Children purchasing smartphone and tablet applications without permission have cost their parents more than £30 million every month, with eight-year-olds causing the most financial damage, spending an average of £60 without permission.

Child using iPad
More than a third of parents asked said children aged four and under had made purchases without permission. (Credit: Reuters)

The payments, which are often for extra tools and ammunition in children's games and can cost as much as £70 each, have forced a third of affected parents into hiding their smartphone or tablet from their children.

Conducted by Microsoft's Windows Phone division, the survey also found that social media pranks played by children are a serious problem, with 27% of the 2,000 parents asked admitting a child had updated their Facebook status without them knowing, and one in ten had their profile hijacked by a child who then sent comments to their boss.

The findings come soon after five-year-old Danny Kitchen racked up more than £1,700 on his parents' credit card buying in-app content for the iPad game Zombies vs Ninjas; just weeks later policeman Doug Crossan reported his 13-year-old son for fraud after he spent £3,700 on extra content for two iPad games.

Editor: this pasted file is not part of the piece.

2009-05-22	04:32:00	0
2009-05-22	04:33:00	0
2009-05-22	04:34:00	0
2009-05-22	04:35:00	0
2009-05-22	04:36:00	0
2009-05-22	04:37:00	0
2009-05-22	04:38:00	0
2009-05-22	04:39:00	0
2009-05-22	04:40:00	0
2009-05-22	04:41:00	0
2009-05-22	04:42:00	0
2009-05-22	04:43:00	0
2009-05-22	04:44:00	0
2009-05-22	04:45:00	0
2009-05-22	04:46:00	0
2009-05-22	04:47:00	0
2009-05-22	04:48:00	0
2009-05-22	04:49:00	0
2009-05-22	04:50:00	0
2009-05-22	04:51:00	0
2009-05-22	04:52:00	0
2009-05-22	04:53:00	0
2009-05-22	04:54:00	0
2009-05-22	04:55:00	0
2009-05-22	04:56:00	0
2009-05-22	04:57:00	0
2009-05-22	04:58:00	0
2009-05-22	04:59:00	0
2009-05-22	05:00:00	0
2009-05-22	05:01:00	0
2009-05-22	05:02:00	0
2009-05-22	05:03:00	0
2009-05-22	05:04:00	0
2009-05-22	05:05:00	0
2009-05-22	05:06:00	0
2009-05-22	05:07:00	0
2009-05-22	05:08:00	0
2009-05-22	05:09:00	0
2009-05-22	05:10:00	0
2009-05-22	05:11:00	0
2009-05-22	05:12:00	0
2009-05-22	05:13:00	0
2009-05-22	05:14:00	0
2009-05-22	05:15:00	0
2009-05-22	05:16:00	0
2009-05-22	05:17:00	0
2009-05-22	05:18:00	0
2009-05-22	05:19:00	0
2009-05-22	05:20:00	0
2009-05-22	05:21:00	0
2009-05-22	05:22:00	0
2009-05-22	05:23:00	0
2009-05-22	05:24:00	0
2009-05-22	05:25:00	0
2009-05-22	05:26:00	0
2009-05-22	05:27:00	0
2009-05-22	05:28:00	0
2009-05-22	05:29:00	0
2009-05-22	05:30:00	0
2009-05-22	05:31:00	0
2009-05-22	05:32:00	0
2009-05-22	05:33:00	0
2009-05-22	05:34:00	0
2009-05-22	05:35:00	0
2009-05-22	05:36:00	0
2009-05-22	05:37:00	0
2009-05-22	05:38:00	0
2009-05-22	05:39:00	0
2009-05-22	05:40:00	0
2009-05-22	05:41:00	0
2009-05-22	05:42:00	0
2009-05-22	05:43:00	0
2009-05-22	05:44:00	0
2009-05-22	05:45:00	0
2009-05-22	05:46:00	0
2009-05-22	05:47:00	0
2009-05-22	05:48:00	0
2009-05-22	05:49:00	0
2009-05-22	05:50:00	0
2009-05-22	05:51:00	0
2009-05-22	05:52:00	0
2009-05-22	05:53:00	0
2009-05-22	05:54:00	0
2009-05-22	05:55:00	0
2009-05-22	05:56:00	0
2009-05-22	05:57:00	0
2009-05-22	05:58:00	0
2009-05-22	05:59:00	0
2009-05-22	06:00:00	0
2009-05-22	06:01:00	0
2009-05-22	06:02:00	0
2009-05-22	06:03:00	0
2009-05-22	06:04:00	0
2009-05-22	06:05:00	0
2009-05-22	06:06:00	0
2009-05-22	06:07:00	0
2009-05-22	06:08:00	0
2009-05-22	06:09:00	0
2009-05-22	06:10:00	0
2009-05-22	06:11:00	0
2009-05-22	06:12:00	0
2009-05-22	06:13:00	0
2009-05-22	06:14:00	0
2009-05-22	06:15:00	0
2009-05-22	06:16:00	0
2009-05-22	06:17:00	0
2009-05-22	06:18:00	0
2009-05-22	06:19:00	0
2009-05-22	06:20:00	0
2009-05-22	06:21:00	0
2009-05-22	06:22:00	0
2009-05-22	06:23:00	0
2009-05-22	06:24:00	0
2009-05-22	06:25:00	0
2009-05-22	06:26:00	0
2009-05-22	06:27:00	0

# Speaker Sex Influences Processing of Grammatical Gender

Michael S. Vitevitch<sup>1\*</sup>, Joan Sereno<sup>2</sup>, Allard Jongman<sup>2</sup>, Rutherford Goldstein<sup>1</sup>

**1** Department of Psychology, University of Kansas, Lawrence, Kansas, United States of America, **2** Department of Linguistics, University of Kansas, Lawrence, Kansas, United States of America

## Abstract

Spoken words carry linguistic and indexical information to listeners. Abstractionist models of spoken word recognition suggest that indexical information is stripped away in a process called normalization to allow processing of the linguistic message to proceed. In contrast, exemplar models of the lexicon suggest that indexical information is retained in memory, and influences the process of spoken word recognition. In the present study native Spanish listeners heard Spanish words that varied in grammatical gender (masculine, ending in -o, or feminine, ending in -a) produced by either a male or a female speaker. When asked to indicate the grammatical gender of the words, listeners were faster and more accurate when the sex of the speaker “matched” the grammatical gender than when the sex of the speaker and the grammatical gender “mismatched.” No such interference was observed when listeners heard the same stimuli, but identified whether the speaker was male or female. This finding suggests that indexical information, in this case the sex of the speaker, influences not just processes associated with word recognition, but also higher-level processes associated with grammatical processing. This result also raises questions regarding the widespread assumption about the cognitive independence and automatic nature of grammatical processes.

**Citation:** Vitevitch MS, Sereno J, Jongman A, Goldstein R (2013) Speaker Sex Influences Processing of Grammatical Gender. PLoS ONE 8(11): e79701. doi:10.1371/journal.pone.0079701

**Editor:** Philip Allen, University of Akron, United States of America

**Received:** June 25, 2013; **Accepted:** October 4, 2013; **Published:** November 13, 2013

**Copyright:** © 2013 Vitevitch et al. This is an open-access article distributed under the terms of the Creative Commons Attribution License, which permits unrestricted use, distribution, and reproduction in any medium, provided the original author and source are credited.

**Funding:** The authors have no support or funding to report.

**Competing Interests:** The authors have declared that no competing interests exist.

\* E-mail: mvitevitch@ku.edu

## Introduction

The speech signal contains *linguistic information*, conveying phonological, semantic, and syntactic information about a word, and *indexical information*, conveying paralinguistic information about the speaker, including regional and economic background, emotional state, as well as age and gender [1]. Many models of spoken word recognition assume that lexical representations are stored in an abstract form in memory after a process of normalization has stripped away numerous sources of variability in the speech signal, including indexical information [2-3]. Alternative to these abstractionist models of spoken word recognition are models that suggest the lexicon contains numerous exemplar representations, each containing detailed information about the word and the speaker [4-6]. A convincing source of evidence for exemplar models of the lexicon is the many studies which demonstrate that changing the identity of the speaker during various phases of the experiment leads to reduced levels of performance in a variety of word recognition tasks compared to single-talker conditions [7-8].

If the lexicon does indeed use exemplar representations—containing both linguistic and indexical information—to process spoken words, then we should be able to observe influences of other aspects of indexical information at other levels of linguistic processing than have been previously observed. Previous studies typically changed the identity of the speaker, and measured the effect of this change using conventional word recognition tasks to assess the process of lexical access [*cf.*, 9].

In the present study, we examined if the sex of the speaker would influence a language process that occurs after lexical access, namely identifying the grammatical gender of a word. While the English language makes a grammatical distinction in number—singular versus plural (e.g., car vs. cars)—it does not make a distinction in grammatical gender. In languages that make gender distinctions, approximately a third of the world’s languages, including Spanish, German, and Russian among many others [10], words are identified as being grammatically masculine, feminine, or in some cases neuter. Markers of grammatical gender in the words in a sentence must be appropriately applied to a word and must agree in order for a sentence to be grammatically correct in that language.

By default, iOS devices ask for a password when downloading free or paid-for content from the iTunes, iBooks and the App Store, but for the next 15 minutes purchases can be made without re-entering the password, making it easy for unattended children to spend their parents' money.

More than 14% of affected parents said they were concerned that they could not afford to pay the increased bills, but despite this 17% said they still share their smartphone and tablet passwords with their children, while almost a quarter admitted to having no security on their device at all.

Trust in the technology

Brett Siddons, head of consumer marketing for Windows Phone UK, said: "Our research reveals parents are worried about the impact of app and in-app purchases on their bills and we understand the stress this can cause.

"With technology becoming more and more intuitive, it's important that parents can trust in the technology they use and feel as safe as possible when handing over their smartphone and tablet devices to their children."

Eight-year-olds are likely to cause the largest bill, having added an average of £59.59 to their parents' bill, but much younger children are also proving how easy in-app purchases can be, with 36% of parents admitting to paying for content bought accidentally by children aged four and under.

Demonstrating how quickly children can learn how to use a smartphone or tablet, two thirds of the 2,000 parents asked admitted their children know as much about technology as their do, and 77% said parents need more help from technology companies to manage their kids' app purchases.

Apple recently reached a settlement in the US that will see it offer families free iTunes vouchers for any refund claim of up to $30 (£19) and cash for any claim above that.